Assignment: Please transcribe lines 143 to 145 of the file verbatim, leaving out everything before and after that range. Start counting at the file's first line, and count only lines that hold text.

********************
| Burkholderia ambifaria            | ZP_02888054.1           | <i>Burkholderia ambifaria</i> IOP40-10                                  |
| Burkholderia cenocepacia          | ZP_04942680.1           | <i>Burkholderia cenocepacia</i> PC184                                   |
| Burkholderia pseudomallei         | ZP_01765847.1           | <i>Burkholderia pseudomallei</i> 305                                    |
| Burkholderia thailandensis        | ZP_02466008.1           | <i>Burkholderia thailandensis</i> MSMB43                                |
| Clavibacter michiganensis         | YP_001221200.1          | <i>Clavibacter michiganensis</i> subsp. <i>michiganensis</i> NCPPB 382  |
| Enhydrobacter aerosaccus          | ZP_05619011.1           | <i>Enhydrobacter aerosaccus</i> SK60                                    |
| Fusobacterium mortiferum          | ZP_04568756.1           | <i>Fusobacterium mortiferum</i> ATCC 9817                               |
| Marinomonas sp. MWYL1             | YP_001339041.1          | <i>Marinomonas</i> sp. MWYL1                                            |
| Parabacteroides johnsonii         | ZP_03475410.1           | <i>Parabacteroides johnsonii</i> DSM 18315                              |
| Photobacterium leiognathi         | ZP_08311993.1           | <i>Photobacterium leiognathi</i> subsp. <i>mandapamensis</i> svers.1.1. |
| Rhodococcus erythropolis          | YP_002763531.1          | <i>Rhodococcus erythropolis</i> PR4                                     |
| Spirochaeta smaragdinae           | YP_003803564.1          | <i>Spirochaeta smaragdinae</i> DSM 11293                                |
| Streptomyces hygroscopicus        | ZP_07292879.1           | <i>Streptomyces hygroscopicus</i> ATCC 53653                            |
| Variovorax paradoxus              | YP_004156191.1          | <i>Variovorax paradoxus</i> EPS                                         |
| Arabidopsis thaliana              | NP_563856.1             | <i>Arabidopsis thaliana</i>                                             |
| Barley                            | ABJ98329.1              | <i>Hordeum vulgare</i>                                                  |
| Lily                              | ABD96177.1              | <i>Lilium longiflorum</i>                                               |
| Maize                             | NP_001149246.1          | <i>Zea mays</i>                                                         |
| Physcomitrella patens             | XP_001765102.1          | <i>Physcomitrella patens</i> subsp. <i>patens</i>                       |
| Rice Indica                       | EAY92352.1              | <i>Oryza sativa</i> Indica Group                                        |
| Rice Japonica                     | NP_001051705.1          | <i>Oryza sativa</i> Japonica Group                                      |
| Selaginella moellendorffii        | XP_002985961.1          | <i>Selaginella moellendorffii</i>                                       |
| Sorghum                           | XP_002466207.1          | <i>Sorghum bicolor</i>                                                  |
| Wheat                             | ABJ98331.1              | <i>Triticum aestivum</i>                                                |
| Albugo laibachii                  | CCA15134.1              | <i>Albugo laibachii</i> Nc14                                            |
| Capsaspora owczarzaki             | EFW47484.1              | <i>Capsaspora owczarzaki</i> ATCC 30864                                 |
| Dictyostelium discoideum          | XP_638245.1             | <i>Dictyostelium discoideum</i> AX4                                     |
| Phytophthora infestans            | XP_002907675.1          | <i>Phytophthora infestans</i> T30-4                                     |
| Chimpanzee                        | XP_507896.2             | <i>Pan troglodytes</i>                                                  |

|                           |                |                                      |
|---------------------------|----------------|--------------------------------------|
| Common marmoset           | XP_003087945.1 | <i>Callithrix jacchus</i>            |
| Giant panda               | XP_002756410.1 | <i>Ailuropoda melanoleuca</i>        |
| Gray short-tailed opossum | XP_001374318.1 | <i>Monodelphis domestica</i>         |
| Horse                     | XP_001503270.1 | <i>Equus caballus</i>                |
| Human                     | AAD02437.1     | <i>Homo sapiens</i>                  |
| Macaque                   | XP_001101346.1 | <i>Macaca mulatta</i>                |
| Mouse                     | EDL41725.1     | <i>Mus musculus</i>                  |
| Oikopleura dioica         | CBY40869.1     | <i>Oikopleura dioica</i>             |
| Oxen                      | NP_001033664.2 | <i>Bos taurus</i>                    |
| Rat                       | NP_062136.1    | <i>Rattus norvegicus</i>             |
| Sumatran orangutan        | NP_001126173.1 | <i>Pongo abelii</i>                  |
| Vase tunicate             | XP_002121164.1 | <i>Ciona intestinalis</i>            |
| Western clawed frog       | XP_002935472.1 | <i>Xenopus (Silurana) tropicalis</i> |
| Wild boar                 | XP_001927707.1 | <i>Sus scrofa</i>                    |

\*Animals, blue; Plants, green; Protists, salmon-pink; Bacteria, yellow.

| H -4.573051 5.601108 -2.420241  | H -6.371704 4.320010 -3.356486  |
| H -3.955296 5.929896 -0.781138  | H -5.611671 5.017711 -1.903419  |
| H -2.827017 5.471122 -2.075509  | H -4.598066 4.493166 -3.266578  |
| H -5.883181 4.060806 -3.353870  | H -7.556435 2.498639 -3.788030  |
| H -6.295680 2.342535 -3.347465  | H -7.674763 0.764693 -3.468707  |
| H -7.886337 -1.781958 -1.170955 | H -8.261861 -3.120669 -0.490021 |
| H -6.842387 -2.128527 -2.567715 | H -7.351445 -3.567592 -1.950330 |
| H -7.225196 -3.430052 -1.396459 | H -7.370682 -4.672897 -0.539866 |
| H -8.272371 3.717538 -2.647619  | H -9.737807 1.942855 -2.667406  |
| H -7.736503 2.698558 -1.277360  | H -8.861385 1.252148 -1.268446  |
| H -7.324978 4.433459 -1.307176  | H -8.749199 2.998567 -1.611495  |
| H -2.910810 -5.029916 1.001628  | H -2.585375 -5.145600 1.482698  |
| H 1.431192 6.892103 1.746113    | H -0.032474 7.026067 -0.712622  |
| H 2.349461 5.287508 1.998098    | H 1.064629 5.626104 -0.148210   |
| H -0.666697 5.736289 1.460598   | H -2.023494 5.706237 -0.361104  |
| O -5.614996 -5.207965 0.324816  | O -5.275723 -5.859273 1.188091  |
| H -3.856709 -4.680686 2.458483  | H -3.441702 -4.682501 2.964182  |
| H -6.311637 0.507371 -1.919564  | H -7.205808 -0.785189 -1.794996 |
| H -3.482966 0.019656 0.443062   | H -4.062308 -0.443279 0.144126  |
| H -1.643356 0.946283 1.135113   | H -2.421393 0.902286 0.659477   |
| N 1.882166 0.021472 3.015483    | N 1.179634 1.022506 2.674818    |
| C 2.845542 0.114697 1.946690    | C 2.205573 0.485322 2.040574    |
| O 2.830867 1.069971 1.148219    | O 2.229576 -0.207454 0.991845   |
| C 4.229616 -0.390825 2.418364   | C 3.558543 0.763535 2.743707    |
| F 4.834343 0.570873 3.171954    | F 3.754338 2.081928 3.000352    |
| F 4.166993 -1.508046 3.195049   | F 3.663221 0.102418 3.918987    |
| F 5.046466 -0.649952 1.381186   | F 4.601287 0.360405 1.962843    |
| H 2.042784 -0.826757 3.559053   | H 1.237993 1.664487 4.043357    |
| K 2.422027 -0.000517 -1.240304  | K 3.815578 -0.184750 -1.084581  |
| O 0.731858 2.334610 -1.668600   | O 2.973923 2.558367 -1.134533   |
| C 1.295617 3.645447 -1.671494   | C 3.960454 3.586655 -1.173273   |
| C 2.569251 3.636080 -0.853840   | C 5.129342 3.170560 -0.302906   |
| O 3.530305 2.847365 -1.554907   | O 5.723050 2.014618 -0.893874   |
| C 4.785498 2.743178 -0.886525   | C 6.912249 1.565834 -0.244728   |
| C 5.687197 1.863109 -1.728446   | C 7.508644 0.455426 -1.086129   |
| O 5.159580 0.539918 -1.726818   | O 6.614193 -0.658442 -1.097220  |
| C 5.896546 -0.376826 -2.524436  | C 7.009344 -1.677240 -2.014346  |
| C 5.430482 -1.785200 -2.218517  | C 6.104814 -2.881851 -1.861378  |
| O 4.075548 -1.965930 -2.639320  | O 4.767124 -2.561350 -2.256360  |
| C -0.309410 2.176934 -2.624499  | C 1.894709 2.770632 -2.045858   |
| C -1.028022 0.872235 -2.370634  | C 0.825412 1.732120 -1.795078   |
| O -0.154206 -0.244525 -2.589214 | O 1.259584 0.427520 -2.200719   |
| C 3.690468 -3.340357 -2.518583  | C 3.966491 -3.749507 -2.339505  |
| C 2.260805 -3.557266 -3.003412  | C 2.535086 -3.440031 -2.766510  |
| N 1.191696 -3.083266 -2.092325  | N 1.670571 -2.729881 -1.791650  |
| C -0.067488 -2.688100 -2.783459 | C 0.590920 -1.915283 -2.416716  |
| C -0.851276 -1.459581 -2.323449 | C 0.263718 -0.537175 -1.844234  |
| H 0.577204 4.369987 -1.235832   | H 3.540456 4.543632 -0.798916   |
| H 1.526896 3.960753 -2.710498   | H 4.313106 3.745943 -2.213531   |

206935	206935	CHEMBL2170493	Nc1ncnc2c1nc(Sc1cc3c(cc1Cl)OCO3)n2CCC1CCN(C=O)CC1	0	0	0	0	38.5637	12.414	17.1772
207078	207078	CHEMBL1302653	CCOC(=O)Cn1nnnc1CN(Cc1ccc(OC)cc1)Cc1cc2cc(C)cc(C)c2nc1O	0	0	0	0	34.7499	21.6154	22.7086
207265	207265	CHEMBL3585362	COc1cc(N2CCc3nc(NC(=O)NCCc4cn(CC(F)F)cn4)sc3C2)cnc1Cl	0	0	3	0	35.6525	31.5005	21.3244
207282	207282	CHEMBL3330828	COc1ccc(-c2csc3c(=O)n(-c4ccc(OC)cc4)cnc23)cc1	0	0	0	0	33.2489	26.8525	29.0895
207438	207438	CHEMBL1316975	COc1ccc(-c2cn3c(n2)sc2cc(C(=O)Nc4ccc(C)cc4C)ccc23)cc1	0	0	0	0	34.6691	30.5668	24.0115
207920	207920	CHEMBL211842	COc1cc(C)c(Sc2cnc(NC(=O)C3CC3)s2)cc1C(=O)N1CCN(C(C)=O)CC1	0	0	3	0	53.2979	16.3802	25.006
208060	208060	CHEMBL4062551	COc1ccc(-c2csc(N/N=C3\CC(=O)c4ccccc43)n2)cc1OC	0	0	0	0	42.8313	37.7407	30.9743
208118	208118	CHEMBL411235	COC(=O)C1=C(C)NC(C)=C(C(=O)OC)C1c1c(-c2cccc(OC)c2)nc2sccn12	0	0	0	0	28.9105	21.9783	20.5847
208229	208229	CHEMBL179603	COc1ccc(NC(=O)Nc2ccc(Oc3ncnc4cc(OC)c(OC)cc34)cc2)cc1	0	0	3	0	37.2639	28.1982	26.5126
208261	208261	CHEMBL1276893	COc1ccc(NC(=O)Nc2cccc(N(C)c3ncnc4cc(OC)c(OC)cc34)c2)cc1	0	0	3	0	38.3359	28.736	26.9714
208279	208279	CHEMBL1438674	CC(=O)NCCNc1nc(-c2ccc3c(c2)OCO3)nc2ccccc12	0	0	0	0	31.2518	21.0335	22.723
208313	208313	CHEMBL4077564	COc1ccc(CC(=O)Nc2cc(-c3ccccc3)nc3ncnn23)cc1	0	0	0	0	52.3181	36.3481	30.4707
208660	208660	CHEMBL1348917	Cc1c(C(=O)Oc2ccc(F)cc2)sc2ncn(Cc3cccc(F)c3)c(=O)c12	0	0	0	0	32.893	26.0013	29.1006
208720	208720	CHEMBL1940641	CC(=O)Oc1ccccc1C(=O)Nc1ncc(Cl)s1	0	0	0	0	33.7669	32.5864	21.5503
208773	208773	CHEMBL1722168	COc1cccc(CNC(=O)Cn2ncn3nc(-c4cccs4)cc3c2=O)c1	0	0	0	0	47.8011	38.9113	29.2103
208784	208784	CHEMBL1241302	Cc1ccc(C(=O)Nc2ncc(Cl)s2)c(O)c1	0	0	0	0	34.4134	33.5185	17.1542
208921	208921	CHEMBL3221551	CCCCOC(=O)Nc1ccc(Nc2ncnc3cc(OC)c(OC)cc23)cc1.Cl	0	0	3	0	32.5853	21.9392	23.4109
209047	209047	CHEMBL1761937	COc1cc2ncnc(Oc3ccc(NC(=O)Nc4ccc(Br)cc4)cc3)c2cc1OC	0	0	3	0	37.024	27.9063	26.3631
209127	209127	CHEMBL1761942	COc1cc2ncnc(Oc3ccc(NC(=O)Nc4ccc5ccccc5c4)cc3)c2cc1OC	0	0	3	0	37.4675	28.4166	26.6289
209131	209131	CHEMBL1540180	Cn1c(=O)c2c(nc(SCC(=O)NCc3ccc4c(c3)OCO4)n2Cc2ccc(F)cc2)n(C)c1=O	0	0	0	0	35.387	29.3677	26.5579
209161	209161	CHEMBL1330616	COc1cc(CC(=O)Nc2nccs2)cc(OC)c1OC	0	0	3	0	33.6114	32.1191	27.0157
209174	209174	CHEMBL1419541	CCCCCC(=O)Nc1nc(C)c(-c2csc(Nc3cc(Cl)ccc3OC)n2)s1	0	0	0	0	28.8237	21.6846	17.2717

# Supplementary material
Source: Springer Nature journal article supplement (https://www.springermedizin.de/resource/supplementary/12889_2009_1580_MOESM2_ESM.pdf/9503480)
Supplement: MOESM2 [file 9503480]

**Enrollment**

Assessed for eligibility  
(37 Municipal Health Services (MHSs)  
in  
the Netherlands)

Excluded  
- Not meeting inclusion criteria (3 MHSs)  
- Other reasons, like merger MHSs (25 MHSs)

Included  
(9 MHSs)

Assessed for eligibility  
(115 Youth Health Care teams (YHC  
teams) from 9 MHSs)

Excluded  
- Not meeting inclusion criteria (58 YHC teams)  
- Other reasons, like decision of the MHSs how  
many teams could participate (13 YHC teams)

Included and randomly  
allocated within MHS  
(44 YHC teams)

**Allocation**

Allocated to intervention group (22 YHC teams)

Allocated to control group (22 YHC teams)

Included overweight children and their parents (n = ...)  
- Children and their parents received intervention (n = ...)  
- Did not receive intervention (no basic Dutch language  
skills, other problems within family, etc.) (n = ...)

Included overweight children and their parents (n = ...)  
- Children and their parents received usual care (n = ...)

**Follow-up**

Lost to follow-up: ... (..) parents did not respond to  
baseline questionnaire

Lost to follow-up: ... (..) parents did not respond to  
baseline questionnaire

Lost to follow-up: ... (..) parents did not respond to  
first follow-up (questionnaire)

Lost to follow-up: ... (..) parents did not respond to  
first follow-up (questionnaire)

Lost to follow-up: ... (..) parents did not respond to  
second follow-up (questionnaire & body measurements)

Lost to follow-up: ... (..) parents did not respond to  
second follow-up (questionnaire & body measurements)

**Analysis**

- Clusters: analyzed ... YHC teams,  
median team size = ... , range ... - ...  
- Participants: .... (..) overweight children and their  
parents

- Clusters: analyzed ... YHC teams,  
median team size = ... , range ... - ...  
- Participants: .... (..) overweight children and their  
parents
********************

Allocated to control group (22 YHC teams)

Included overweight children and their parents (n = ...)  
- Children and their parents received intervention (n = ...)  